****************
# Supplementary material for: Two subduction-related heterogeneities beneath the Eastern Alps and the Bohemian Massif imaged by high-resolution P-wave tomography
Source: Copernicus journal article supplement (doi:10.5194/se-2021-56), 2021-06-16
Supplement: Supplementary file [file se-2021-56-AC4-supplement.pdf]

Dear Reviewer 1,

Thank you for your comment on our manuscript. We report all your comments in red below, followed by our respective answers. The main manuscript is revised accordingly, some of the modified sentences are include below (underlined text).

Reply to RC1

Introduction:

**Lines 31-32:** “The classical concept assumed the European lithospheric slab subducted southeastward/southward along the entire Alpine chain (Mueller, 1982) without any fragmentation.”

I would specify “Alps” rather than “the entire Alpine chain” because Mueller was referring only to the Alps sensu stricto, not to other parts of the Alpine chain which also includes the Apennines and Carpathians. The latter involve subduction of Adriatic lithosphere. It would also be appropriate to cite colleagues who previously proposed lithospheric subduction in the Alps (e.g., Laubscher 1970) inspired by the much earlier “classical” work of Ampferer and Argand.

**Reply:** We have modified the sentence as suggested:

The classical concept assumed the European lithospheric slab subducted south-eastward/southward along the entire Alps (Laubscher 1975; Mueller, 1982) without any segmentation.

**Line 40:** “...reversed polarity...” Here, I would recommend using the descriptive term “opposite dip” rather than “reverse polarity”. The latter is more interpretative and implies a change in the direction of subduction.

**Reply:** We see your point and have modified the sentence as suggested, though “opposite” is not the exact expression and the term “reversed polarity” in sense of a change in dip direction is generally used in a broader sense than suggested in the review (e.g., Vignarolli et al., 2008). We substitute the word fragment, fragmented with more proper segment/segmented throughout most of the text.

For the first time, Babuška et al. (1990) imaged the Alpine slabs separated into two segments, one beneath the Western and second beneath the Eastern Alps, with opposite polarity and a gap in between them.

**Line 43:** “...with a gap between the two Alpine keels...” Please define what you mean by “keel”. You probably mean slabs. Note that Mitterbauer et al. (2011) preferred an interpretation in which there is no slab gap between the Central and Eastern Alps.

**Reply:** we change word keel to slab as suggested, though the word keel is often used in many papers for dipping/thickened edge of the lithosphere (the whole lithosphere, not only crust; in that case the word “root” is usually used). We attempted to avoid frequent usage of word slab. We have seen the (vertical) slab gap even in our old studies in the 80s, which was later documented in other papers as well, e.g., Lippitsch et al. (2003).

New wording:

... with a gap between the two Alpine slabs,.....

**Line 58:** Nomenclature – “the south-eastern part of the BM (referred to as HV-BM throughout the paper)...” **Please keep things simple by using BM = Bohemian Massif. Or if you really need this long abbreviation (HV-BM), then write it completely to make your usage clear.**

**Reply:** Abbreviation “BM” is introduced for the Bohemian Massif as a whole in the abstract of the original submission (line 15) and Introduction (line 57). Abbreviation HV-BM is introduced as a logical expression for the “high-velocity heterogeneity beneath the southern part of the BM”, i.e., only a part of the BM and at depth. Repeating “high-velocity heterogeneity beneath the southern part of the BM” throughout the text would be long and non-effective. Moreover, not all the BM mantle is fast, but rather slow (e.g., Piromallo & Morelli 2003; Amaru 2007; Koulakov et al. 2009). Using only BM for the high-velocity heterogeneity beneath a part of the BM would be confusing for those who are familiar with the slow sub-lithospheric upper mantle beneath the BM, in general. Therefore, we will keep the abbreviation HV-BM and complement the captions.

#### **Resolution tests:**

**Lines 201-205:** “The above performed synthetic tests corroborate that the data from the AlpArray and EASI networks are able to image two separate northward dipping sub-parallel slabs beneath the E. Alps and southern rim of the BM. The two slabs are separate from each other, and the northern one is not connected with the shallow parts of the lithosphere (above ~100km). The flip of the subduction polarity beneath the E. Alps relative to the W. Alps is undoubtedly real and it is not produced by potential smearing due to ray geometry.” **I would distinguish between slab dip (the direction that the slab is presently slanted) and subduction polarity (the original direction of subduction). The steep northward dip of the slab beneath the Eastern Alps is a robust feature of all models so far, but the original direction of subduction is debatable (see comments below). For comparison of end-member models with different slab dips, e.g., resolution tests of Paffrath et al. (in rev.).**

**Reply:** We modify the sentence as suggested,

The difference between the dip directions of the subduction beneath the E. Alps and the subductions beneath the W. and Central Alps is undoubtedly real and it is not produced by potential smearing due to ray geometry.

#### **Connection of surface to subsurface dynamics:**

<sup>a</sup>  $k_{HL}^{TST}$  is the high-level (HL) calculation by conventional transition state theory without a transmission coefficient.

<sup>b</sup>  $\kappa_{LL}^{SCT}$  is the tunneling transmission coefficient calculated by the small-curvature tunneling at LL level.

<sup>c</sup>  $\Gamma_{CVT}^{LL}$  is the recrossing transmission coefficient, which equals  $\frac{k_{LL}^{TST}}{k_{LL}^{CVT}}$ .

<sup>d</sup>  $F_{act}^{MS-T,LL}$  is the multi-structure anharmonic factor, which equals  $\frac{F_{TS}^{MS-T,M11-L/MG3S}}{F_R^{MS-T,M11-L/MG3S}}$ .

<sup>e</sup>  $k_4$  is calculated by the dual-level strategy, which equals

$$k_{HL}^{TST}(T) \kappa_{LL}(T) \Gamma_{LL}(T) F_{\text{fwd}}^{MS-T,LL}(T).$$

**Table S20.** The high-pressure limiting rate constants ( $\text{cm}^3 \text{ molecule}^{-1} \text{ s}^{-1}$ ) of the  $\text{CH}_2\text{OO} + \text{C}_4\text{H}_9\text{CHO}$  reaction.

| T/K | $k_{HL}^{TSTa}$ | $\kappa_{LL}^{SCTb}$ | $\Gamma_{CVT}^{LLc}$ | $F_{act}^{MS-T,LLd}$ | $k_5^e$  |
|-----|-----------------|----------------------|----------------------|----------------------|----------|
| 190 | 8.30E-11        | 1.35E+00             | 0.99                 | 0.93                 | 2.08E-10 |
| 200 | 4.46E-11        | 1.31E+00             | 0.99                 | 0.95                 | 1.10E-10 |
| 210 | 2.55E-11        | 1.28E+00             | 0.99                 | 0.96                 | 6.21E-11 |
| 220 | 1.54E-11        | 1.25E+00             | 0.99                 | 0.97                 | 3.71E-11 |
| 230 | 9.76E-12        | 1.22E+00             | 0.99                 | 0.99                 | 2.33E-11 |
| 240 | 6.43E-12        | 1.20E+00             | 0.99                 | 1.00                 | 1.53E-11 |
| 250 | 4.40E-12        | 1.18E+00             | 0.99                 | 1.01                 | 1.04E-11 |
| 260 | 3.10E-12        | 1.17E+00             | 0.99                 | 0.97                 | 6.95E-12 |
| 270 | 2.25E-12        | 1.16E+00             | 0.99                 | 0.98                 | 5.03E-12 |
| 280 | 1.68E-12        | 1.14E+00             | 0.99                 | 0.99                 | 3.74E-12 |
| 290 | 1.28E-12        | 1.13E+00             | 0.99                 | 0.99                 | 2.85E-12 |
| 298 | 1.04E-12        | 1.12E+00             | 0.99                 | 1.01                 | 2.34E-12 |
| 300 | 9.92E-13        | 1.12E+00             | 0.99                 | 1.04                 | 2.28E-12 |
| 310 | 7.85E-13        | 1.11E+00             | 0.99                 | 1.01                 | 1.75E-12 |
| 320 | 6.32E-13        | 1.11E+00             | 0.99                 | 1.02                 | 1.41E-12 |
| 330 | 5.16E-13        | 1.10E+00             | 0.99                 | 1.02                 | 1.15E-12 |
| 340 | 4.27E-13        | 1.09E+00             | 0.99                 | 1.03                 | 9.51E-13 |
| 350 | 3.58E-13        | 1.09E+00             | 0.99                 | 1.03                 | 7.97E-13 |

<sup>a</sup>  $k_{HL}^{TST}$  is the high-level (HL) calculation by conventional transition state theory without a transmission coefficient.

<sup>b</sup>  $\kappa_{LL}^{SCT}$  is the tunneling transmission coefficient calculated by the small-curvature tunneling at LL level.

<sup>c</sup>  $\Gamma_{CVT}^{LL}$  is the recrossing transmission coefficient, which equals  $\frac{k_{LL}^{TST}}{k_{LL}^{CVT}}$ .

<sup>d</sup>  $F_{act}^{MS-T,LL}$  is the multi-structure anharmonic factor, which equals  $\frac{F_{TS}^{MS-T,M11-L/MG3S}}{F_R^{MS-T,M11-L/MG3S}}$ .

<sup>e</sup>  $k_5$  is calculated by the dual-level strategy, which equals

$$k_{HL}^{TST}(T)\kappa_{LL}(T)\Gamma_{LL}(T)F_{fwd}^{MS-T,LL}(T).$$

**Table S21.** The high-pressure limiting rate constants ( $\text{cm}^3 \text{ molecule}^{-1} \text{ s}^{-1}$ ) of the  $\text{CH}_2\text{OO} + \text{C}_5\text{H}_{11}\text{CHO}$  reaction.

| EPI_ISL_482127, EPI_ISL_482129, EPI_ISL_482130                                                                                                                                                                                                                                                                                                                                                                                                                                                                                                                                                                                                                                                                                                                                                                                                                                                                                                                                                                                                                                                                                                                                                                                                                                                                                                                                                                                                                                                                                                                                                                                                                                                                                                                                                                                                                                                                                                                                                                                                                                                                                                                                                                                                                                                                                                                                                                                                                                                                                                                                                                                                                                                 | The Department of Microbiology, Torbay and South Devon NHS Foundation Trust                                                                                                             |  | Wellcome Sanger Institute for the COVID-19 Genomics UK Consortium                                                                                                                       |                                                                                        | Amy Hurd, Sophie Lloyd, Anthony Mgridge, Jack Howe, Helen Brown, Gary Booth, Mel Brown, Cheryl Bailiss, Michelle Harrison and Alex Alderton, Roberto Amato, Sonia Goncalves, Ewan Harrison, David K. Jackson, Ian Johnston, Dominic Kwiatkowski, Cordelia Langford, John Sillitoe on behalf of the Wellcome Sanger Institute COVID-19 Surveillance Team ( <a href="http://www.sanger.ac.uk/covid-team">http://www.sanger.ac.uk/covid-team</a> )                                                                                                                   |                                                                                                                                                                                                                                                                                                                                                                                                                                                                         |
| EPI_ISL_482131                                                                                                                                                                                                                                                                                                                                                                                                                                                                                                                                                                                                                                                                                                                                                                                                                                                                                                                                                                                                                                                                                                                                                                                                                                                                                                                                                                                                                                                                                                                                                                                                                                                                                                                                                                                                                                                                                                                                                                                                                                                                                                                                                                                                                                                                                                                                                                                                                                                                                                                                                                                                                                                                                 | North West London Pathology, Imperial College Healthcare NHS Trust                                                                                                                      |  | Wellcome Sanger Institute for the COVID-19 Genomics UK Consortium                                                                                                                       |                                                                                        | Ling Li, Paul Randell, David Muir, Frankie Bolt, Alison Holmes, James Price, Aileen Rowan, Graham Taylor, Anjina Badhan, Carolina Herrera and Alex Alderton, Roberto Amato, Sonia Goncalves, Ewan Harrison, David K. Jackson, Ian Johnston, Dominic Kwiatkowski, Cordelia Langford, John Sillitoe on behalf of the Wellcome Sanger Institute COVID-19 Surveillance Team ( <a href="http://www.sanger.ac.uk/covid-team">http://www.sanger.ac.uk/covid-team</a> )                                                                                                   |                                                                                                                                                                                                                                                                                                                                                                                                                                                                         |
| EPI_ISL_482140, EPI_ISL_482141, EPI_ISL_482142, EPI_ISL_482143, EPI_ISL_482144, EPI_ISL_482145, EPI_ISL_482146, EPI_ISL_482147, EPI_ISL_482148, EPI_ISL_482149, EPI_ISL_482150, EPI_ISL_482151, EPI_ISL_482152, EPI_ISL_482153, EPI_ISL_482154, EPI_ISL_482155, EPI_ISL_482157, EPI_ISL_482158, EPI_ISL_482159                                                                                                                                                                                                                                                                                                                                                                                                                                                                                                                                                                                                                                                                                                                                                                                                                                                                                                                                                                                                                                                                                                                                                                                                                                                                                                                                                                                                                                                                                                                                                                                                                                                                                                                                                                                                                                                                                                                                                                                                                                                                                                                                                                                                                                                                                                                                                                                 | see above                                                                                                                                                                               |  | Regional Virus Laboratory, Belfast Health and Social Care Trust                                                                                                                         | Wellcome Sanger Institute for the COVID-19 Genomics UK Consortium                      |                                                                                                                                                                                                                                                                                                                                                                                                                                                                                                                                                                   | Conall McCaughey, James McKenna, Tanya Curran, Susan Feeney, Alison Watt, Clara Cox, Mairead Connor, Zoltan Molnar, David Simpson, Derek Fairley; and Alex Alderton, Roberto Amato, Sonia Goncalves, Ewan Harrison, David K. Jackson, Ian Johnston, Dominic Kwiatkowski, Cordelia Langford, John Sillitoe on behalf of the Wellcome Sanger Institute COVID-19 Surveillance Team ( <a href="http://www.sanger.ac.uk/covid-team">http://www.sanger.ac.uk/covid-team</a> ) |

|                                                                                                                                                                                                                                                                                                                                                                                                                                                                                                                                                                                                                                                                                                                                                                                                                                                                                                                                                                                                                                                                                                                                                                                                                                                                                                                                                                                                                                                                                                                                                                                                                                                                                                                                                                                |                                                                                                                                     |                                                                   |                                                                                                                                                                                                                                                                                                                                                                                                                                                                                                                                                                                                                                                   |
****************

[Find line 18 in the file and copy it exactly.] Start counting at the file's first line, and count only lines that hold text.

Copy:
... with a gap between the two Alpine slabs,.....